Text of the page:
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Demeter was one of the twelve Olympian gods that lived on Mount Olympus. Goddess of the harvest and agriculture, Demeter (Roman counterpart Ceres) reigns over grain and the fertility of the entire earth, making her an important figure for peasants and farmers.
In addition to being the goddess of the harvest, she also presided over sacred law as well as the cycle of life and death that nature goes through. She was sometimes called Sito, meaning “She of the Grain” or Thesmophoros, meaning “Law-Bringer”.
Demeter, as a mother figure, was powerful, important and compassionate. Her actions had far-reaching consequences for earth.
Who Is Demeter?
Demeter’s father was Cronus, the Titan of time and the ages, and her mother was Rhea, the Titan of female fertility, motherhood and regeneration. She is one of the 12 Olympian gods that lived on Mount Olympus, considered the most important of the Ancient Greek gods. Her siblings included the Olympian gods, Hestia, Hera, Hades, Poseidon and Zeus.
Demeter’s consorts included Zeus, Oceanus, Karmanor and Triptolemus but unlike most other gods, her love affairs weren’t very significant in her myths. She also had many children, but the most important of these were Persephone. Some of her other children include Despoina, Arion, Plutus, and Philomelus.
In art, Demeter is frequently associated with the harvest. This includes flowers, fruit, as well as grain. Sometimes she is depicted with her daughter, Persephone. Contrary to many other Greek gods and goddesses, however, she is not usually depicted with any of her lovers.
Demeter‘s Main Myth
One of the best-known myths involving Demeter is about the loss and reunion with her daughter, Persephone. There are several versions of the myth by Homer, Ovid, Hesiod, and Apollodorus. While variations exist, the theme of the text remains the same.
According to the myth, Persephone was abducted by Hades and forcibly taken to the Underworld to be his bride. Demeter searched the earth looking for her daughter and when she could not find her, she fell into despair. Her grief caused her to neglect her duties as a nature goddess and as a result, the seasons ground to a halt and all living things began to shrivel and die.
Eventually, Zeus sent his messenger Hermes into the Underworld to bring Demeter’s daughter back, in order to save the world. But it was too late as Persephone had already eaten the food of the Underworld which forbade her from leaving.
In the end, Persephone was allowed to leave the Underworld for part of each year, but she would have to return to him in the Underworld. Demeter was overjoyed that her daughter had returned, but every time Persephone left, she would mourn.
Symbolism of the Abduction Myth
The abduction myth is an allegory for the changing seasons and a way to explain the growth and fallow cycle of crops. It was believed that when the old crops were laid in the fields at the beginning of autumn, Persephone ascended to reunite with her mother.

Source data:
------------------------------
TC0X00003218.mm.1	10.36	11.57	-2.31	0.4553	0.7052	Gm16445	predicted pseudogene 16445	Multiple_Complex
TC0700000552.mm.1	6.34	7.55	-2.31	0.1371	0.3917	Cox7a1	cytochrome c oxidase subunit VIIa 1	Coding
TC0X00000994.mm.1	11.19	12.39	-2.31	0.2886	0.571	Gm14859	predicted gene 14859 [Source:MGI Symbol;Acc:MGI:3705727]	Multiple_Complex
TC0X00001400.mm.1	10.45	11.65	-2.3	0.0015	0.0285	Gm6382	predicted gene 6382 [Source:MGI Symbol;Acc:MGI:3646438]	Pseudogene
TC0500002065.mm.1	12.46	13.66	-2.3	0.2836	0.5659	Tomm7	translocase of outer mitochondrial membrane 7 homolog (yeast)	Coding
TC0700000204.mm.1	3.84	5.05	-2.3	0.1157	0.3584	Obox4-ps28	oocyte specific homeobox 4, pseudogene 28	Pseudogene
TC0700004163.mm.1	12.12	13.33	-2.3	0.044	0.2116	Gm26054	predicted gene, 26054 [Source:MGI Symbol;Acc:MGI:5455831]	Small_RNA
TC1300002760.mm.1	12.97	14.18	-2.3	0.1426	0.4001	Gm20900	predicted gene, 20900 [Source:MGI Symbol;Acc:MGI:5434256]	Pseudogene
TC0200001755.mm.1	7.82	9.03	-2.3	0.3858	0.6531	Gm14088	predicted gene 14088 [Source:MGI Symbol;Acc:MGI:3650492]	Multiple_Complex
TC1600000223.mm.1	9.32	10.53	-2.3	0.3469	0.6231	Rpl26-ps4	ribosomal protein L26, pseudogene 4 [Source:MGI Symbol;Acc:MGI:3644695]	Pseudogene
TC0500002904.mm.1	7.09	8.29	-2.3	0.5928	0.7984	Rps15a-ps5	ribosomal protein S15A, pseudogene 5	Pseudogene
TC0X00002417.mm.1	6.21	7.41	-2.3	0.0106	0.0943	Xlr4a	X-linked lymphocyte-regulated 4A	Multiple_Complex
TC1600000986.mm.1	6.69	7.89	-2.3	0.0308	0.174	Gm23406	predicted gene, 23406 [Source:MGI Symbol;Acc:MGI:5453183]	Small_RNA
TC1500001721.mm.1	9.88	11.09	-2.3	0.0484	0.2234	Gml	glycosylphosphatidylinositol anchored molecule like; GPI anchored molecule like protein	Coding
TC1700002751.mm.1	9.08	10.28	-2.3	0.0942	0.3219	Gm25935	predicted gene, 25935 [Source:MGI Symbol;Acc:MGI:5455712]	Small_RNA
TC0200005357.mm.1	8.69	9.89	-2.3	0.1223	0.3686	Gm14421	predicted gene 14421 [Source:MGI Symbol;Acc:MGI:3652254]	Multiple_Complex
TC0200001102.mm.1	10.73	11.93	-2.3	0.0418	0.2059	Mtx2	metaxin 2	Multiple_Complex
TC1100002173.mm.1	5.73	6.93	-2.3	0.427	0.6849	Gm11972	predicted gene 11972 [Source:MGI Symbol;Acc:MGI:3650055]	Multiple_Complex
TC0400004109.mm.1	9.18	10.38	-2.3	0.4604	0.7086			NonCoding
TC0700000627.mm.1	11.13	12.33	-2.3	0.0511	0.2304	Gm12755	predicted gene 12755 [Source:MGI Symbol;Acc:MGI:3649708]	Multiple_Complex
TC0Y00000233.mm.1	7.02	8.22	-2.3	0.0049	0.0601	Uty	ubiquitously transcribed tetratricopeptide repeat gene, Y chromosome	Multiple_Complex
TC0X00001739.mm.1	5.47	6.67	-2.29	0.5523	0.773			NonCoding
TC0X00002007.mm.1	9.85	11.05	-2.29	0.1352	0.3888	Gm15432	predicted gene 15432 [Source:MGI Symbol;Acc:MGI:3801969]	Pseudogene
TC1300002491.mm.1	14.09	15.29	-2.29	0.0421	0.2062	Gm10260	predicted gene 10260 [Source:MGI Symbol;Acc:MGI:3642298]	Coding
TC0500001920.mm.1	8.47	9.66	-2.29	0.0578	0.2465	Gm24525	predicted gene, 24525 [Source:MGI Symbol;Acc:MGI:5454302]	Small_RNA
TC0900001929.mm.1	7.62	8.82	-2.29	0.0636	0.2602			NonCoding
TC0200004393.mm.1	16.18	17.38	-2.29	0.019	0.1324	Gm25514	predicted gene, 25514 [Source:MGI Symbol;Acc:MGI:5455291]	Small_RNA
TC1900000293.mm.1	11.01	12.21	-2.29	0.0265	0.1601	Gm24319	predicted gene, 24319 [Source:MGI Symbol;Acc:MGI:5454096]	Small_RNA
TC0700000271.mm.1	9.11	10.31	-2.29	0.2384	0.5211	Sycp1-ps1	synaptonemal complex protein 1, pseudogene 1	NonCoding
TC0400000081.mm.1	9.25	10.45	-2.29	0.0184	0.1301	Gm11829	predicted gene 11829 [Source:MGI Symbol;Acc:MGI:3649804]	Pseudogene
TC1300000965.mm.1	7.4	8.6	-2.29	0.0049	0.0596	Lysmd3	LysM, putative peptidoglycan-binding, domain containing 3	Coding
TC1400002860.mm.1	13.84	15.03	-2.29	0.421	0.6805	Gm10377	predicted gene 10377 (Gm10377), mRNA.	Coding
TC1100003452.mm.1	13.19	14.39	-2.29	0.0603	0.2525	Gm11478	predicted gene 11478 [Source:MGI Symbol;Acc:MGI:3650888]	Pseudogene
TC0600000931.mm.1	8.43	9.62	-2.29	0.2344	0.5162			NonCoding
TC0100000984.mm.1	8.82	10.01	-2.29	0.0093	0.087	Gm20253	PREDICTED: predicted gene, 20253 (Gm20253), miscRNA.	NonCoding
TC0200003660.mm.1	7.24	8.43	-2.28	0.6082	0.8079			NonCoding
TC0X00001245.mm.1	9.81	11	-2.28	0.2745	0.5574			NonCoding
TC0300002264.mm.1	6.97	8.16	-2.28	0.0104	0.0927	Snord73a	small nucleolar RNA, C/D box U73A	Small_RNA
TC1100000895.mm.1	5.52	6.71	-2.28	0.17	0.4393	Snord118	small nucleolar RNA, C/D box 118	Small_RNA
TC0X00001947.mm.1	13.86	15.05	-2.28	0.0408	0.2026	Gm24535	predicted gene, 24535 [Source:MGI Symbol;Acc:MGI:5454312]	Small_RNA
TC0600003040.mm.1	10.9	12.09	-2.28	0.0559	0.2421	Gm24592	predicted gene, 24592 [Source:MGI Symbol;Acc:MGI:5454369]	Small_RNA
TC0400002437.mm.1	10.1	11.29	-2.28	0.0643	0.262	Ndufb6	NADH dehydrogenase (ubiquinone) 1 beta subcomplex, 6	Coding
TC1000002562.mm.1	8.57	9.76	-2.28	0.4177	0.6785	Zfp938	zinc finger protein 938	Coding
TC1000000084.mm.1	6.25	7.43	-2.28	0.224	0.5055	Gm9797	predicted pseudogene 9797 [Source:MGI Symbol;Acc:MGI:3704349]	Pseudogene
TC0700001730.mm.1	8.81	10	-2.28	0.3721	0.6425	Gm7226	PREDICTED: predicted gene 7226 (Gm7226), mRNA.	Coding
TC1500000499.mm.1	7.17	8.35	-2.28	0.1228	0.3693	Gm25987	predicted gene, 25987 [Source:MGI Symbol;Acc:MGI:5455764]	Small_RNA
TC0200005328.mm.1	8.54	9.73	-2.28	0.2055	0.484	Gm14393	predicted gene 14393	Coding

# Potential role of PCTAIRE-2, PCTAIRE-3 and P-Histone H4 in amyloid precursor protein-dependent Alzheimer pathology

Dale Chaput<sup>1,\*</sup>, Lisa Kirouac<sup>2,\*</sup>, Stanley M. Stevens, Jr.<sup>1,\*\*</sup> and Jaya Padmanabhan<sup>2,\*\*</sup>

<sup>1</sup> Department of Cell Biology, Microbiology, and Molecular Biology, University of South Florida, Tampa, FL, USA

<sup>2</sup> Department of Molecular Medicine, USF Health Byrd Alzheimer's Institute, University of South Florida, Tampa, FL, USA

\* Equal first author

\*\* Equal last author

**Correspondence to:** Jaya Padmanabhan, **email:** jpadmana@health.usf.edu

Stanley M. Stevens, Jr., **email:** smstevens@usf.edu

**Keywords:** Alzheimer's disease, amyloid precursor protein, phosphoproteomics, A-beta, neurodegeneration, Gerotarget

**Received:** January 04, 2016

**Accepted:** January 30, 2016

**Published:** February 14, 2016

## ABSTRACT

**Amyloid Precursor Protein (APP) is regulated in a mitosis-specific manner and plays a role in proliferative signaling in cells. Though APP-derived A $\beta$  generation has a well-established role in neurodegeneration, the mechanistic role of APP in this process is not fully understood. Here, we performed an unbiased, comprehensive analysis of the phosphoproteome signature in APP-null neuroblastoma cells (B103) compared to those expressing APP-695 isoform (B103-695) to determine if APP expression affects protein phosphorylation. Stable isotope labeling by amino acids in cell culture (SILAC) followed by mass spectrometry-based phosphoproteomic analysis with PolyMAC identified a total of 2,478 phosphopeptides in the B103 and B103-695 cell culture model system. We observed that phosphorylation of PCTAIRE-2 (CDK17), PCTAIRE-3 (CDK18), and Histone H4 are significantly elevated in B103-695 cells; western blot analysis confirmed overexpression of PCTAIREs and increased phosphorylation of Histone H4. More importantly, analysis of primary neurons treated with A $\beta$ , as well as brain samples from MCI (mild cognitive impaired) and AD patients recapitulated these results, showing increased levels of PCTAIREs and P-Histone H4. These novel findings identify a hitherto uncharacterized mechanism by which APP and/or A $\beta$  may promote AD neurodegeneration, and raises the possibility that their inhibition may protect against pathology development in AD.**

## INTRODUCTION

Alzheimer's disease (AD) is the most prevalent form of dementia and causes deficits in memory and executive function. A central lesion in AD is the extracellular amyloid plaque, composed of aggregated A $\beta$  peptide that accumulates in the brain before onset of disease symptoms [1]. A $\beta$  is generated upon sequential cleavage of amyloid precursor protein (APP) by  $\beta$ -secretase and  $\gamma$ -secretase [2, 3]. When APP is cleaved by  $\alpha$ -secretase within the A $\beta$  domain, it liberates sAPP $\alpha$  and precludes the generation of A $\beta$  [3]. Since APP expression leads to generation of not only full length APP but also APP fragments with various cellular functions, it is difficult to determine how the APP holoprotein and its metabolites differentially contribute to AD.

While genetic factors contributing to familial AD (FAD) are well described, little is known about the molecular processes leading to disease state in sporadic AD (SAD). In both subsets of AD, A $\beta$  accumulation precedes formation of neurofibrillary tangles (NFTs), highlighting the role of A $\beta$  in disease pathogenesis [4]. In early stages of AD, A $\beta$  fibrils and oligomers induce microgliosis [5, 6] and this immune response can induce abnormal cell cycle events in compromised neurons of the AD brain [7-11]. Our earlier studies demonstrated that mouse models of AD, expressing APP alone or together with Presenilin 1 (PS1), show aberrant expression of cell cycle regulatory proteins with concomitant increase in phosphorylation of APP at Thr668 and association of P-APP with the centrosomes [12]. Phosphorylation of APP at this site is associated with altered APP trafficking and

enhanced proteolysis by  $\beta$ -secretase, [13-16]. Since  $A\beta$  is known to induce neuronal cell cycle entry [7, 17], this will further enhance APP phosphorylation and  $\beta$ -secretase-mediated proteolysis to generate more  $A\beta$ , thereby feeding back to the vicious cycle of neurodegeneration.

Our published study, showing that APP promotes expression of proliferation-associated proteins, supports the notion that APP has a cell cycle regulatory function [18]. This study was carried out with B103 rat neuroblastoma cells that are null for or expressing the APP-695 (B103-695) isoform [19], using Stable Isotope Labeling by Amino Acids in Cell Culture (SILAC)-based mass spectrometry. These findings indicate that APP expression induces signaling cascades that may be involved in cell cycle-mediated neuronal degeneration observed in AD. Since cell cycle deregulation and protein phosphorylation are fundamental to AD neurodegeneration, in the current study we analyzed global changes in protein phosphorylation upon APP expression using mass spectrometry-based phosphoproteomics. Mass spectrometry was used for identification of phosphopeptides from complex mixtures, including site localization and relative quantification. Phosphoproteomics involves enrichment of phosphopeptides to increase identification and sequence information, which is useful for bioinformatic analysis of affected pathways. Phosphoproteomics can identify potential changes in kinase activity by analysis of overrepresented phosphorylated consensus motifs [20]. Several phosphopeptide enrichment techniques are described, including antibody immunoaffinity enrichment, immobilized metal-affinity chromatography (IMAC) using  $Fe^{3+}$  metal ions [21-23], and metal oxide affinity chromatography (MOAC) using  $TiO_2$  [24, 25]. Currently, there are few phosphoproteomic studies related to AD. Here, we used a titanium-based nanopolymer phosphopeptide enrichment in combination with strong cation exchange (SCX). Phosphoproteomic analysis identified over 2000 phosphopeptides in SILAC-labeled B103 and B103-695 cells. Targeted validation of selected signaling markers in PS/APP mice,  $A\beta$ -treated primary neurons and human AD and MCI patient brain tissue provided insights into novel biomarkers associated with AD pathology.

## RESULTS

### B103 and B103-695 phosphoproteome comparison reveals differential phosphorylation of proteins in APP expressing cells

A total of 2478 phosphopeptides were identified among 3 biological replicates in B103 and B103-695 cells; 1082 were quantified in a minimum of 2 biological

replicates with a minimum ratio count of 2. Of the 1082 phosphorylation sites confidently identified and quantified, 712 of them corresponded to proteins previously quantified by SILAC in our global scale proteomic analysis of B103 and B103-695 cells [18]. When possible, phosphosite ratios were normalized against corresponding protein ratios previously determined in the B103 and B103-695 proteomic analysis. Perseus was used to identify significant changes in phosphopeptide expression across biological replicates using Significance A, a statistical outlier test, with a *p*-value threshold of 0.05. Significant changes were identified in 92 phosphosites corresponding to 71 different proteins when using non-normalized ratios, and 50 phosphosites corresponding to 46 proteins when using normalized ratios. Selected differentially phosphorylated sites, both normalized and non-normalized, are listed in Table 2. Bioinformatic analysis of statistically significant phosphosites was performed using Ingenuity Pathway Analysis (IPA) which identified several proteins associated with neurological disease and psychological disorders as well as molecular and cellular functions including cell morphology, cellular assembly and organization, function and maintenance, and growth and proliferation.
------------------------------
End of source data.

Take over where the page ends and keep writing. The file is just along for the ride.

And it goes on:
During this time, the old crop met the new and Persephone’s ascent brought with it the green sprouts of new growth. But when it was time for Persephone to return to the Underworld, the world entered a wintry state, crops ceased to grow and all the world awaited her return, just like Demeter.
Symbols of Demeter
Demeter was often worshipped more generally as an earth goddess, and so, she was associated with the natural world and agricultural symbols. Her symbols included the following:
- Cornucopia: Demeter is often depicted with wheat or barley, as she was the goddess who taught humanity how to cultivate grain and is associated with the harvest. The cornucopia, or “horn of plenty,” which spills forth an abundance of grains and fruits, is also associated with her, symbolizing the agricultural prosperity she can bring.
- Wheat: Demeter is often portrayed holding a sheaf of wheat. This reflects her role as the goddess of Agriculture, and highlights her ties to the cycle of crops and the natural environment.
- Torch: The torch is another of Demeter’s symbols, representing her relentless search for her daughter Persephone, who was abducted by Hades. The torch can symbolize enlightenment and the search for knowledge and truth. It also strengthens her association as mother, protector, and nourisher.
- Bread: Since ancient times, bread has symbolized food and nourishment. As one of Demeter’s symbols, bread signifies that she provides abundance and food.
- Lotus Staff: Sometimes Demeter is shown carrying a lotus staff, but what this means exactly is unclear.
- Swine: The pig is associated with Demeter, as shown in the Eleusinian mysteries, an ancient religious rite performed in her honor. The pig can symbolize fertility and abundance. Pigs were often chosen as sacrifices for Demeter to ensure that the earth remained fertile.
- Serpent: The serpent was the most sacred creature for Demeter, as it represented rebirth, regeneration, fertility and healing. Demeter’s chariot was drawn by a pair of winged serpents. It also symbolizes regeneration and the cyclical nature of life, which aligns with the cycle of seasons and the growth of crops.
Demeter is depicted as a calm, kind and compassionate mother figure, but she could also be fierce when necessary. The story of King Erysichthon is a perfect example. The king of Thessaly, Erysichthon, had ordered all of the trees in a grove sacred to Demeter to be chopped down. One of the trees was specially decorated with wreaths for Demeter, which the king’s men refused to cut down. In anger, Erysichton cut it down himself, slaying a dryad nymph in the process.